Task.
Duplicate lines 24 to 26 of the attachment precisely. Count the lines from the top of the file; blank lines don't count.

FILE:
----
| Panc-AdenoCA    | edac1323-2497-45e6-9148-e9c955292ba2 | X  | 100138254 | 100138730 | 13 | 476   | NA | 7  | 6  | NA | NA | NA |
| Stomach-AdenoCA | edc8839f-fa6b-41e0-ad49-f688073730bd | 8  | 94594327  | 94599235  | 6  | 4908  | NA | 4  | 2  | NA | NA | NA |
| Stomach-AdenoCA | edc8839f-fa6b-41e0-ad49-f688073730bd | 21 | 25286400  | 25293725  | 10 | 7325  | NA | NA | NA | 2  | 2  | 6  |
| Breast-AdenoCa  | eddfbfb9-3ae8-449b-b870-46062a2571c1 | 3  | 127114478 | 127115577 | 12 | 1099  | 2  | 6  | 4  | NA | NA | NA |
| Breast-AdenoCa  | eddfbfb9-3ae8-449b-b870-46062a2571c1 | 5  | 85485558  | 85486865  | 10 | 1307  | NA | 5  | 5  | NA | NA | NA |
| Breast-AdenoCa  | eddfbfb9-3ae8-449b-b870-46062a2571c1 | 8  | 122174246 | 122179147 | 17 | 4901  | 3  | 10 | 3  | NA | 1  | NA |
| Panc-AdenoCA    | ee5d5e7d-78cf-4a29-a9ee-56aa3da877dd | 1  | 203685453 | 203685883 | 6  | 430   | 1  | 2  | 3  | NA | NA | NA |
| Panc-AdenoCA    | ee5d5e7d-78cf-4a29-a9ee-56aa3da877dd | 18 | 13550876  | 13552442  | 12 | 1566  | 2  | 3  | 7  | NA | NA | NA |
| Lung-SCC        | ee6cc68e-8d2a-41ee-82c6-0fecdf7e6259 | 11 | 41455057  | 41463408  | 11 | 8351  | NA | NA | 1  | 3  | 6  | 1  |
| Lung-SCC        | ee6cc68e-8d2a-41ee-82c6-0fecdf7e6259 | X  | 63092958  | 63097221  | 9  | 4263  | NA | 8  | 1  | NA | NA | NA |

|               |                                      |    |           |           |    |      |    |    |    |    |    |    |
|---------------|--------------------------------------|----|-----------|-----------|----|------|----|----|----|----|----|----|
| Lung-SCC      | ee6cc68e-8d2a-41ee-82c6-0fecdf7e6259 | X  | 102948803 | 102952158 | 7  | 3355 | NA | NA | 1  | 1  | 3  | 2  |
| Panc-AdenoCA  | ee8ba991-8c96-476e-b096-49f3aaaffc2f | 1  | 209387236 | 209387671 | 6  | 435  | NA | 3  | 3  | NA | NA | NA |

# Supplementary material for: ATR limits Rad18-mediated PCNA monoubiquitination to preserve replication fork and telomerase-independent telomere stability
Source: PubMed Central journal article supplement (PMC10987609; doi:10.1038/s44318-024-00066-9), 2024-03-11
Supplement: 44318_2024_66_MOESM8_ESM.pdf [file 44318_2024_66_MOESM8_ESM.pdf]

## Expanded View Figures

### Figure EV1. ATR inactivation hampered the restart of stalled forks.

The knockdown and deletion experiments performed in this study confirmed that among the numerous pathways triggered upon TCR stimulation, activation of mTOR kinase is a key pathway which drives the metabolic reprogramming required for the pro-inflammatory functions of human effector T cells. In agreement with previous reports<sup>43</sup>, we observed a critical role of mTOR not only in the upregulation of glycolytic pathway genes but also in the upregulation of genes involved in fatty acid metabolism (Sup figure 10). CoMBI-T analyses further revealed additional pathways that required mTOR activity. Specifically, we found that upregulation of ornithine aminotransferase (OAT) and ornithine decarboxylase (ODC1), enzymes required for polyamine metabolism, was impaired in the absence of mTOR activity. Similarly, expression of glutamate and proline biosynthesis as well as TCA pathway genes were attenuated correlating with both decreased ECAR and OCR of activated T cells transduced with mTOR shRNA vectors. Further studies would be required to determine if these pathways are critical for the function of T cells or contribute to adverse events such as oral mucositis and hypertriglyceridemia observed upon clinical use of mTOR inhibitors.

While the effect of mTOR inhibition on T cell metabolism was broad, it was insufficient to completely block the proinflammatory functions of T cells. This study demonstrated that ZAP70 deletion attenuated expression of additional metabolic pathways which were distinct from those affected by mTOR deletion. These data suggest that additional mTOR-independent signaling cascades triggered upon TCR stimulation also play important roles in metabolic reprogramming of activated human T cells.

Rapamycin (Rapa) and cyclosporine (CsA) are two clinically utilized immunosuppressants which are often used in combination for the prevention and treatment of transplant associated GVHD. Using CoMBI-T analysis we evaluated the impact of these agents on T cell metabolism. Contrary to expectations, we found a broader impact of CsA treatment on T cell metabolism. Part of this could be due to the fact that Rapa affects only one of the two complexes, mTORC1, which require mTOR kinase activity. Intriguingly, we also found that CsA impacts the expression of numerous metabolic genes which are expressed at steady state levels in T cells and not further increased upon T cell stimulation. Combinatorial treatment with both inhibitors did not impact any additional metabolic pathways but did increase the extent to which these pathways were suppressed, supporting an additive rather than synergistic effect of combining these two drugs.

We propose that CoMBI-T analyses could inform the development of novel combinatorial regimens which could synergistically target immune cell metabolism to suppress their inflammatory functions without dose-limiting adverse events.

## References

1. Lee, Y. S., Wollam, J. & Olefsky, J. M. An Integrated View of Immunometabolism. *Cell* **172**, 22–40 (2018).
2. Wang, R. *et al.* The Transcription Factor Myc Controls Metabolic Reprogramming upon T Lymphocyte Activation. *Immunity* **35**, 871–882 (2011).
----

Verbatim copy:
## References

1. Lee, Y. S., Wollam, J. & Olefsky, J. M. An Integrated View of Immunometabolism. *Cell* **172**, 22–40 (2018).
2. Wang, R. *et al.* The Transcription Factor Myc Controls Metabolic Reprogramming upon T Lymphocyte Activation. *Immunity* **35**, 871–882 (2011).